Although a passport is not required for U.S. citizens taking “closed loop” cruises, we strongly recommends that all guests travel with a passport (valid for at least six months beyond completion of travel). Having a passport will enable guests to fly from the U.S. to a foreign port in the event they miss their scheduled embarkation or to fly back to the U.S. if they need to disembark the ship mid-cruise due to an emergency.
The Western Hemisphere Travel Initiative (WHTI) Passport Requirements became effective June 1, 2009, for land and sea borders. While the WHTI requires a valid passport for land and sea travel, a final ruling was issued allowing leniency for “closed-loop” cruises, i.e., sailings that both originate and terminate in the same U.S. port.
U.S. citizens taking “closed-loop” cruises are not required to have a passport. However, guest who will be traveling without a passport will need proof of citizenship such as one of the following:
- Original or Certified copy of a Government Issued birth certificate
(Live Hospital Birth Certificates are not acceptable )
- Certificate of naturalization
- Passport Card
- Enhanced Driver’s license (EDL)
There are currently only four (4) U.S. States and four (4) Canadaian Provinces producing EDL’s. US: Michigan, New York, Vermont, andWashington
Canada: British Columbia, Manitoba, Ontario, and Quebec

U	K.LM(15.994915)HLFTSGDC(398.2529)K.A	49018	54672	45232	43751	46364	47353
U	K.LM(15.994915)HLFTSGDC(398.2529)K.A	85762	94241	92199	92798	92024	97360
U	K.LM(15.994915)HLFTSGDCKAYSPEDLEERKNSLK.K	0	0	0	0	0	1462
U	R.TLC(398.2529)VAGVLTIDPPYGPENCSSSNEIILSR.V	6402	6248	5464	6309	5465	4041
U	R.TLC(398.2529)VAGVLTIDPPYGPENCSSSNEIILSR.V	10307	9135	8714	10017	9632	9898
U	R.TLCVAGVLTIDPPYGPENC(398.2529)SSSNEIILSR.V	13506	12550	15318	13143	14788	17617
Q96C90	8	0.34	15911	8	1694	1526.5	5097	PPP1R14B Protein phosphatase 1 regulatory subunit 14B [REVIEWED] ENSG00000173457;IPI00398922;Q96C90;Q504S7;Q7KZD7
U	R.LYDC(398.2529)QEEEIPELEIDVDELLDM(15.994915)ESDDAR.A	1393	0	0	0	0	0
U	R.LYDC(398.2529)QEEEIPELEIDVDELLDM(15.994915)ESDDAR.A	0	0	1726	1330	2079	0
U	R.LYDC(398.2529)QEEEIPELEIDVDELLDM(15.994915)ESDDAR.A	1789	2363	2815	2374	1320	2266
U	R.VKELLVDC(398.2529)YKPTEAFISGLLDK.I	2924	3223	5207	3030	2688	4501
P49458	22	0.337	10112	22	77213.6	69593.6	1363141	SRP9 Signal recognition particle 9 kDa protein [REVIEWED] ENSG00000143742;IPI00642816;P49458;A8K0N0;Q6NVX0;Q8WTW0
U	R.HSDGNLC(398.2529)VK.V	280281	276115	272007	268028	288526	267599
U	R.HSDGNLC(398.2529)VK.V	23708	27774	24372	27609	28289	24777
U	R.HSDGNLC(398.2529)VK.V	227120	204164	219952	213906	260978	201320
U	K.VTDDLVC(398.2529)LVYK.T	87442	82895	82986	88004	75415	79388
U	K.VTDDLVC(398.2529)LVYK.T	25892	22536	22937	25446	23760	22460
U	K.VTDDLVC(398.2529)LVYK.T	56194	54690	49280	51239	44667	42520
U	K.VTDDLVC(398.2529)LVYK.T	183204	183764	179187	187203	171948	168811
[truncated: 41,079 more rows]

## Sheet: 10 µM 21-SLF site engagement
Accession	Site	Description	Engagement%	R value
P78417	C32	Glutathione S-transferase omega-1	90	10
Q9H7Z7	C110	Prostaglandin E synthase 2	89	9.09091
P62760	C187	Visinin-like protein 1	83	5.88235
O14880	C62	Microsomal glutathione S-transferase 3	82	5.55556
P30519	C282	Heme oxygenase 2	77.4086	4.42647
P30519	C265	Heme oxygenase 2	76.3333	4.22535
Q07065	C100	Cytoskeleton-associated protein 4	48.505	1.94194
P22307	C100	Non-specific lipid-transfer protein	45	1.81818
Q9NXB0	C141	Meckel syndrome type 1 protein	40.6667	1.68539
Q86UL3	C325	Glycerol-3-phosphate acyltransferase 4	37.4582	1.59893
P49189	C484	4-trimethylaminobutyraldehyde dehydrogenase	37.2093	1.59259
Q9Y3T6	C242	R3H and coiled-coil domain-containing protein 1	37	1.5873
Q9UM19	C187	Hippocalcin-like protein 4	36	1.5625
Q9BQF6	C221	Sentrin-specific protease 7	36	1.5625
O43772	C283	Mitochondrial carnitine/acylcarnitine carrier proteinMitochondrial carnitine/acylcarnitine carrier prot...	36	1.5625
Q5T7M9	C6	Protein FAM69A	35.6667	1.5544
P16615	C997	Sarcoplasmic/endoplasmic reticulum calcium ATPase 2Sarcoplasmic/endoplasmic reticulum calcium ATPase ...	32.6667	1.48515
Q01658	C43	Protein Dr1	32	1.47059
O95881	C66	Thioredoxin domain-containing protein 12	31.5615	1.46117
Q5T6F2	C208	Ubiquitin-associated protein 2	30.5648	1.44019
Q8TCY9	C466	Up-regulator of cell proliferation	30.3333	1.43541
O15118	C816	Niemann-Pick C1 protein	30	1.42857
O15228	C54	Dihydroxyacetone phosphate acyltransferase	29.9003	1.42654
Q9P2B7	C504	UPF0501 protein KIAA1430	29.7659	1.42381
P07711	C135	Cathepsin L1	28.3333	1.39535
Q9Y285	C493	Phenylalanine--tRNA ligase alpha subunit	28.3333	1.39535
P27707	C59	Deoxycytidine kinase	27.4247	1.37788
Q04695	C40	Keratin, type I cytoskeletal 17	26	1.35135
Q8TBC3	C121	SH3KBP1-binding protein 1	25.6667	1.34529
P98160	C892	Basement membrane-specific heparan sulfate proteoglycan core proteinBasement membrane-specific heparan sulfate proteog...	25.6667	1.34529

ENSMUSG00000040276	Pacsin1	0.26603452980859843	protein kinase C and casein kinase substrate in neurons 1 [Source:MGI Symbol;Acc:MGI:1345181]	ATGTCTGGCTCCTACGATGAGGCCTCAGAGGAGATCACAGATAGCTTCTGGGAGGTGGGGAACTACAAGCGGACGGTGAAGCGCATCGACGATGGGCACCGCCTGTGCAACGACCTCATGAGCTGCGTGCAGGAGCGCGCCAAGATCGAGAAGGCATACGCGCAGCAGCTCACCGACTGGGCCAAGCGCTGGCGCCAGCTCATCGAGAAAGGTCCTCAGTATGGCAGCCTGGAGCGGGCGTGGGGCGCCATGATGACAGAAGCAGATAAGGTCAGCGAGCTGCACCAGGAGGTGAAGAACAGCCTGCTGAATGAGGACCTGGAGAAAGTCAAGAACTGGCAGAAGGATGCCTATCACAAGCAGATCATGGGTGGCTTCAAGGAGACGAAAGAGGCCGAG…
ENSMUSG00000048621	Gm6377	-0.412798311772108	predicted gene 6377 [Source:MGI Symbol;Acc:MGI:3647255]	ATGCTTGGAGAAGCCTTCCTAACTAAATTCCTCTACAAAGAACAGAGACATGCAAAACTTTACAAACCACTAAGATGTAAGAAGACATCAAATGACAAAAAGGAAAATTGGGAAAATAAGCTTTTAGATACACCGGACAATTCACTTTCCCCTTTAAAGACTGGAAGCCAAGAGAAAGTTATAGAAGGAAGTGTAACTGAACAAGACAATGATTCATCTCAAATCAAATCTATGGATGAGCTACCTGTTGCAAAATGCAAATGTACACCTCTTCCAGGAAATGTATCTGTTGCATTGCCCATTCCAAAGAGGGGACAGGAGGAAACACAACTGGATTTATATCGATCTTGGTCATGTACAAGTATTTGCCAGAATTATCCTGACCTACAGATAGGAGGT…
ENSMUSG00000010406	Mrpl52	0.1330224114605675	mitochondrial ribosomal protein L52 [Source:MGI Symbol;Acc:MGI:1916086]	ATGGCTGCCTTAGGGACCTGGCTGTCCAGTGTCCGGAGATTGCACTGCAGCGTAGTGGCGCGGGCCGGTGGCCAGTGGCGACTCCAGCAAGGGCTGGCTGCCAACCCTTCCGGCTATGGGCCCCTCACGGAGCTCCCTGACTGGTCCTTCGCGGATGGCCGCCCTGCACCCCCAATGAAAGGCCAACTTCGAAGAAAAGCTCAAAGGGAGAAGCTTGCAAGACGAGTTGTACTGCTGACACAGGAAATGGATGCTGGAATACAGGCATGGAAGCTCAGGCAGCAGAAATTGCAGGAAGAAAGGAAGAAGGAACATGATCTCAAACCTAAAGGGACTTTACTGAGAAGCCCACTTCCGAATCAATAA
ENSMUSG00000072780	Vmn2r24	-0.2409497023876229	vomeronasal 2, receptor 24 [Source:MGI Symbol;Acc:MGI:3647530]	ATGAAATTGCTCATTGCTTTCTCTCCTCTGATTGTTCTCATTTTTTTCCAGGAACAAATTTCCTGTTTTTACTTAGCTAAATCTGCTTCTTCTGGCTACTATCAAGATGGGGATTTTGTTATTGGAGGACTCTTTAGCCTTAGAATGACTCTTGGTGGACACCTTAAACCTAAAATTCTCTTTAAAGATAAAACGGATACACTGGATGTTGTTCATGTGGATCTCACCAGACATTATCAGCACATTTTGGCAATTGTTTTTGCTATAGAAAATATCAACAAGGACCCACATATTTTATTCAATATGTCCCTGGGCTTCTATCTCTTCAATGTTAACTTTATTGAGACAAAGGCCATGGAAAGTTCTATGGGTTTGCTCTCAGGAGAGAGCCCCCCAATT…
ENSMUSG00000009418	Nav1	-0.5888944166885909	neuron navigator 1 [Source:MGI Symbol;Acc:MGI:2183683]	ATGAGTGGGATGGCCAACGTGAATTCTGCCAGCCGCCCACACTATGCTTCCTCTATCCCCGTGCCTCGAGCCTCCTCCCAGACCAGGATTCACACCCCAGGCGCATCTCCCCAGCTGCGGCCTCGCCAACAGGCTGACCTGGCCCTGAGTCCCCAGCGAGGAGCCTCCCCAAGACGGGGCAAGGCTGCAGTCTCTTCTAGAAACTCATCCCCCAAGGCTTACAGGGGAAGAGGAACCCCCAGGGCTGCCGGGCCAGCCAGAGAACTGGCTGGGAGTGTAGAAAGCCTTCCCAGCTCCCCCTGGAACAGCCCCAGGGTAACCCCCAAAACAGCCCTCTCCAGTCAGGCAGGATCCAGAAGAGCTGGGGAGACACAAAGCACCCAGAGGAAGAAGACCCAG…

In as well, to one of the above, guests will be required to present a government-issued photo ID, such as a driver’s license. Children are also required to bring proof of citizenship, and if 16 and over, a photo ID is also required. Canadian and Bermudian citizens are required to have a passport for air, land and sea travel.
Please note: Voter registration cards or Social Security cards are not considered proof of citizenship.
Alien Registration Card (Green Card)
U.S. lawful permanent residents will continue to be able to use their Alien Registration Card issued by the Department of Homeland Security or other valid evidence of permanent residence status to apply for entry to United States.
Card renewal is an important matter. ARC holders (United States permanent residents) with expired cards may be considered “out of status” and may be denied entry / reentry into the United States. If your ARC was issued over 10 years ago, you should check the expiration date printed on the front of the card. If your card is expired, or it is about to expire, you should renew your card before you sail.
If you are holding an old edition ARC WITHOUT an expiration date, you will not be detained from entering the United States but U.S. Customs and Border Protection highly suggests that you apply for a new card before you sail.
For additional information, visit: http://www.usimmigrationsupport.org/greencard_renewal.html